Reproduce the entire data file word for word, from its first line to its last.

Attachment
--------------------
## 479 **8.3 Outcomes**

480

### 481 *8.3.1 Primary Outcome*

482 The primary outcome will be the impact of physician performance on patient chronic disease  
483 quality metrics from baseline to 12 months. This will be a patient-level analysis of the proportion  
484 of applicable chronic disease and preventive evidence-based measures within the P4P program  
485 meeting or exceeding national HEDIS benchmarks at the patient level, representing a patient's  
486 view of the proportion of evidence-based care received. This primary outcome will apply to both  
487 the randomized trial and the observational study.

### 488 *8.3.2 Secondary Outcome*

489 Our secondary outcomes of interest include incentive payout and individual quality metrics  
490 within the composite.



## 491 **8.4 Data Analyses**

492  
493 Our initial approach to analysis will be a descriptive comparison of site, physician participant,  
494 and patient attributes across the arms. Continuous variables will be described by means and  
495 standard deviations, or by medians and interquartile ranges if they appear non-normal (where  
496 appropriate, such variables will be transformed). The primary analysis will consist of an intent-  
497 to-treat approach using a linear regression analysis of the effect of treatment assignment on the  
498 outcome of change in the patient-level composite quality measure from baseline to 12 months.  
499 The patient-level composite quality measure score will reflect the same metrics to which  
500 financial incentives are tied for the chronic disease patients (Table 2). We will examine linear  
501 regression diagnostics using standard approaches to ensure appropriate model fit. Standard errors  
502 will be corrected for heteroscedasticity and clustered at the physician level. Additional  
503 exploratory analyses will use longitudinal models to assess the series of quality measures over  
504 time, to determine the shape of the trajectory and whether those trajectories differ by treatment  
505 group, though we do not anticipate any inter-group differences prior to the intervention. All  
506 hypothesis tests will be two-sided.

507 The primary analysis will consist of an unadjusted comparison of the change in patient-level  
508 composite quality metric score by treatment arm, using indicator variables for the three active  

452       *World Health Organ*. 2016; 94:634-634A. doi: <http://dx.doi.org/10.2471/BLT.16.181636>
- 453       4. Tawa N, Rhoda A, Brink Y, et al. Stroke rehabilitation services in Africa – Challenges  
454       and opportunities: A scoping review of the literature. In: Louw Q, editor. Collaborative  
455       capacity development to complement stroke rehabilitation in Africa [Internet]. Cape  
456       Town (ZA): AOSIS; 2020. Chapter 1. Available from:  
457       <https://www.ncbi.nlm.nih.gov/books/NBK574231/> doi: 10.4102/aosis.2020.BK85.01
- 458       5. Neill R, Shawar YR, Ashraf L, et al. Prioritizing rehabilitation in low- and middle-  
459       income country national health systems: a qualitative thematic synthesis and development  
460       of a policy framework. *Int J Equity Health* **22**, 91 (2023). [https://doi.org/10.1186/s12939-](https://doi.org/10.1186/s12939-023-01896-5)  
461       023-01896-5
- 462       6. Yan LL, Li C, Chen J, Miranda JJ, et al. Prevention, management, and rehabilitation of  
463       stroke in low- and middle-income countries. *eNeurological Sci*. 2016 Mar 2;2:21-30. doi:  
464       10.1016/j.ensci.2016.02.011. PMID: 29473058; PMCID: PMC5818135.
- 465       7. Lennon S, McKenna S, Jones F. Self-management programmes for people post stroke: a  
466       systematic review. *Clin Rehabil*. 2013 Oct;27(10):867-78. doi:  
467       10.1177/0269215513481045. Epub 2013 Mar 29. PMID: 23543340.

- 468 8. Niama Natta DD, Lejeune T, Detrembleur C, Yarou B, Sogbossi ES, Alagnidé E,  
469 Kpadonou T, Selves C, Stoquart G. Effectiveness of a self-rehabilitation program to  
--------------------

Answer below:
## 479 **8.3 Outcomes**

480

### 481 *8.3.1 Primary Outcome*

482 The primary outcome will be the impact of physician performance on patient chronic disease  
483 quality metrics from baseline to 12 months. This will be a patient-level analysis of the proportion  
484 of applicable chronic disease and preventive evidence-based measures within the P4P program  
485 meeting or exceeding national HEDIS benchmarks at the patient level, representing a patient's  
486 view of the proportion of evidence-based care received. This primary outcome will apply to both  
487 the randomized trial and the observational study.

### 488 *8.3.2 Secondary Outcome*

489 Our secondary outcomes of interest include incentive payout and individual quality metrics  
490 within the composite.



## 491 **8.4 Data Analyses**

492  
493 Our initial approach to analysis will be a descriptive comparison of site, physician participant,  
494 and patient attributes across the arms. Continuous variables will be described by means and  
495 standard deviations, or by medians and interquartile ranges if they appear non-normal (where  
496 appropriate, such variables will be transformed). The primary analysis will consist of an intent-  
497 to-treat approach using a linear regression analysis of the effect of treatment assignment on the  
498 outcome of change in the patient-level composite quality measure from baseline to 12 months.  
499 The patient-level composite quality measure score will reflect the same metrics to which  
500 financial incentives are tied for the chronic disease patients (Table 2). We will examine linear  
501 regression diagnostics using standard approaches to ensure appropriate model fit. Standard errors  
502 will be corrected for heteroscedasticity and clustered at the physician level. Additional  
503 exploratory analyses will use longitudinal models to assess the series of quality measures over  
504 time, to determine the shape of the trajectory and whether those trajectories differ by treatment  
505 group, though we do not anticipate any inter-group differences prior to the intervention. All  
506 hypothesis tests will be two-sided.

507 The primary analysis will consist of an unadjusted comparison of the change in patient-level  
508 composite quality metric score by treatment arm, using indicator variables for the three active  

452       *World Health Organ*. 2016; 94:634-634A. doi: <http://dx.doi.org/10.2471/BLT.16.181636>
- 453       4. Tawa N, Rhoda A, Brink Y, et al. Stroke rehabilitation services in Africa – Challenges  
454       and opportunities: A scoping review of the literature. In: Louw Q, editor. Collaborative  
455       capacity development to complement stroke rehabilitation in Africa [Internet]. Cape  
456       Town (ZA): AOSIS; 2020. Chapter 1. Available from:  
457       <https://www.ncbi.nlm.nih.gov/books/NBK574231/> doi: 10.4102/aosis.2020.BK85.01
- 458       5. Neill R, Shawar YR, Ashraf L, et al. Prioritizing rehabilitation in low- and middle-  
459       income country national health systems: a qualitative thematic synthesis and development  
460       of a policy framework. *Int J Equity Health* **22**, 91 (2023). [https://doi.org/10.1186/s12939-](https://doi.org/10.1186/s12939-023-01896-5)  
461       023-01896-5
- 462       6. Yan LL, Li C, Chen J, Miranda JJ, et al. Prevention, management, and rehabilitation of  
463       stroke in low- and middle-income countries. *eNeurological Sci*. 2016 Mar 2;2:21-30. doi:  
464       10.1016/j.ensci.2016.02.011. PMID: 29473058; PMCID: PMC5818135.
- 465       7. Lennon S, McKenna S, Jones F. Self-management programmes for people post stroke: a  
466       systematic review. *Clin Rehabil*. 2013 Oct;27(10):867-78. doi:  
467       10.1177/0269215513481045. Epub 2013 Mar 29. PMID: 23543340.

- 468 8. Niama Natta DD, Lejeune T, Detrembleur C, Yarou B, Sogbossi ES, Alagnidé E,  
469 Kpadonou T, Selves C, Stoquart G. Effectiveness of a self-rehabilitation program to  